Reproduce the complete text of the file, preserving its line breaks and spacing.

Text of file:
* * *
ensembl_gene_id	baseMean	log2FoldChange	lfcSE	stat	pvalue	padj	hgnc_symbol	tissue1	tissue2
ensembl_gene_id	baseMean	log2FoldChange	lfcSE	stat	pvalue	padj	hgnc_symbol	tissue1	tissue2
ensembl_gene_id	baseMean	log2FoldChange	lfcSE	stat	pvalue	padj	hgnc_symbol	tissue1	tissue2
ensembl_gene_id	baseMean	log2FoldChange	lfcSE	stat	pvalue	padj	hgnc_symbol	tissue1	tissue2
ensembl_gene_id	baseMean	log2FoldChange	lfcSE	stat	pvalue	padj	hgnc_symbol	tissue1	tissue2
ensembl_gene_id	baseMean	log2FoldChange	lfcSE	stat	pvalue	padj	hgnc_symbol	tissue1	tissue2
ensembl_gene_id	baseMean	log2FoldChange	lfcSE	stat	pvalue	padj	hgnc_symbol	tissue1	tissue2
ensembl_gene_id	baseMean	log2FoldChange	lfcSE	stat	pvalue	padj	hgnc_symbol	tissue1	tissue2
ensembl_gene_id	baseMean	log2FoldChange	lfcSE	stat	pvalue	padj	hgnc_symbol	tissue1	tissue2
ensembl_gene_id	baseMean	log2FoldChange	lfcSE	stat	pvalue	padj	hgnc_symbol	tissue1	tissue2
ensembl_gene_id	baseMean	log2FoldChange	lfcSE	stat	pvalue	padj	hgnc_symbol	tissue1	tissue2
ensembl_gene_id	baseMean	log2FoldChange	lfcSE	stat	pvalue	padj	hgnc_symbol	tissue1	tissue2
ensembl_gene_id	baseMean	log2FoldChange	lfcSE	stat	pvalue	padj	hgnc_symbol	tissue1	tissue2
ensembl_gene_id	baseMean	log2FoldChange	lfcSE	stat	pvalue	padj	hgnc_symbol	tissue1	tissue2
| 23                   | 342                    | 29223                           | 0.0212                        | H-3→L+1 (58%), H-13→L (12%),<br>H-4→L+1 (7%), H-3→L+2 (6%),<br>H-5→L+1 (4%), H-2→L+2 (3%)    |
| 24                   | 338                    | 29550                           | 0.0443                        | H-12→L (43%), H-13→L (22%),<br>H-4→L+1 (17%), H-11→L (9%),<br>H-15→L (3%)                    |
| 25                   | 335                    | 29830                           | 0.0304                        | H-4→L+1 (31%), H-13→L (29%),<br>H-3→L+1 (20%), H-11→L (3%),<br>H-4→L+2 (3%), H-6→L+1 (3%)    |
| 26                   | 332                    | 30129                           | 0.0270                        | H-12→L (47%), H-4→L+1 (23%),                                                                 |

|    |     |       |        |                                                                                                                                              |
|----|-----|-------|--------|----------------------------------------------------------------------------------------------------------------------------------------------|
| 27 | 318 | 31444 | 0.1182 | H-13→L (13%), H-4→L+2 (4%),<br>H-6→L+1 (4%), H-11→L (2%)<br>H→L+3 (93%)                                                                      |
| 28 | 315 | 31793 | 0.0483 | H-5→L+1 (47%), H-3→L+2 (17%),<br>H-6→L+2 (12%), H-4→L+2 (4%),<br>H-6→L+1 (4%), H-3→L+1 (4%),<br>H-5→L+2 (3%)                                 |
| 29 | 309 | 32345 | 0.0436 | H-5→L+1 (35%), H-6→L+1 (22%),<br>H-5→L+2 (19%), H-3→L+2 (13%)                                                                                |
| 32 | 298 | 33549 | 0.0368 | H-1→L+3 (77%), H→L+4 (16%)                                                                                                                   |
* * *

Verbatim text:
ensembl_gene_id	baseMean	log2FoldChange	lfcSE	stat	pvalue	padj	hgnc_symbol	tissue1	tissue2
ensembl_gene_id	baseMean	log2FoldChange	lfcSE	stat	pvalue	padj	hgnc_symbol	tissue1	tissue2
ensembl_gene_id	baseMean	log2FoldChange	lfcSE	stat	pvalue	padj	hgnc_symbol	tissue1	tissue2
ensembl_gene_id	baseMean	log2FoldChange	lfcSE	stat	pvalue	padj	hgnc_symbol	tissue1	tissue2
ensembl_gene_id	baseMean	log2FoldChange	lfcSE	stat	pvalue	padj	hgnc_symbol	tissue1	tissue2
ensembl_gene_id	baseMean	log2FoldChange	lfcSE	stat	pvalue	padj	hgnc_symbol	tissue1	tissue2
ensembl_gene_id	baseMean	log2FoldChange	lfcSE	stat	pvalue	padj	hgnc_symbol	tissue1	tissue2
ensembl_gene_id	baseMean	log2FoldChange	lfcSE	stat	pvalue	padj	hgnc_symbol	tissue1	tissue2
ensembl_gene_id	baseMean	log2FoldChange	lfcSE	stat	pvalue	padj	hgnc_symbol	tissue1	tissue2
ensembl_gene_id	baseMean	log2FoldChange	lfcSE	stat	pvalue	padj	hgnc_symbol	tissue1	tissue2
ensembl_gene_id	baseMean	log2FoldChange	lfcSE	stat	pvalue	padj	hgnc_symbol	tissue1	tissue2
ensembl_gene_id	baseMean	log2FoldChange	lfcSE	stat	pvalue	padj	hgnc_symbol	tissue1	tissue2
ensembl_gene_id	baseMean	log2FoldChange	lfcSE	stat	pvalue	padj	hgnc_symbol	tissue1	tissue2
ensembl_gene_id	baseMean	log2FoldChange	lfcSE	stat	pvalue	padj	hgnc_symbol	tissue1	tissue2
| 23                   | 342                    | 29223                           | 0.0212                        | H-3→L+1 (58%), H-13→L (12%),<br>H-4→L+1 (7%), H-3→L+2 (6%),<br>H-5→L+1 (4%), H-2→L+2 (3%)    |
| 24                   | 338                    | 29550                           | 0.0443                        | H-12→L (43%), H-13→L (22%),<br>H-4→L+1 (17%), H-11→L (9%),<br>H-15→L (3%)                    |
| 25                   | 335                    | 29830                           | 0.0304                        | H-4→L+1 (31%), H-13→L (29%),<br>H-3→L+1 (20%), H-11→L (3%),<br>H-4→L+2 (3%), H-6→L+1 (3%)    |
| 26                   | 332                    | 30129                           | 0.0270                        | H-12→L (47%), H-4→L+1 (23%),                                                                 |

|    |     |       |        |                                                                                                                                              |
|----|-----|-------|--------|----------------------------------------------------------------------------------------------------------------------------------------------|
| 27 | 318 | 31444 | 0.1182 | H-13→L (13%), H-4→L+2 (4%),<br>H-6→L+1 (4%), H-11→L (2%)<br>H→L+3 (93%)                                                                      |
| 28 | 315 | 31793 | 0.0483 | H-5→L+1 (47%), H-3→L+2 (17%),<br>H-6→L+2 (12%), H-4→L+2 (4%),<br>H-6→L+1 (4%), H-3→L+1 (4%),<br>H-5→L+2 (3%)                                 |
| 29 | 309 | 32345 | 0.0436 | H-5→L+1 (35%), H-6→L+1 (22%),<br>H-5→L+2 (19%), H-3→L+2 (13%)                                                                                |
| 32 | 298 | 33549 | 0.0368 | H-1→L+3 (77%), H→L+4 (16%)                                                                                                                   |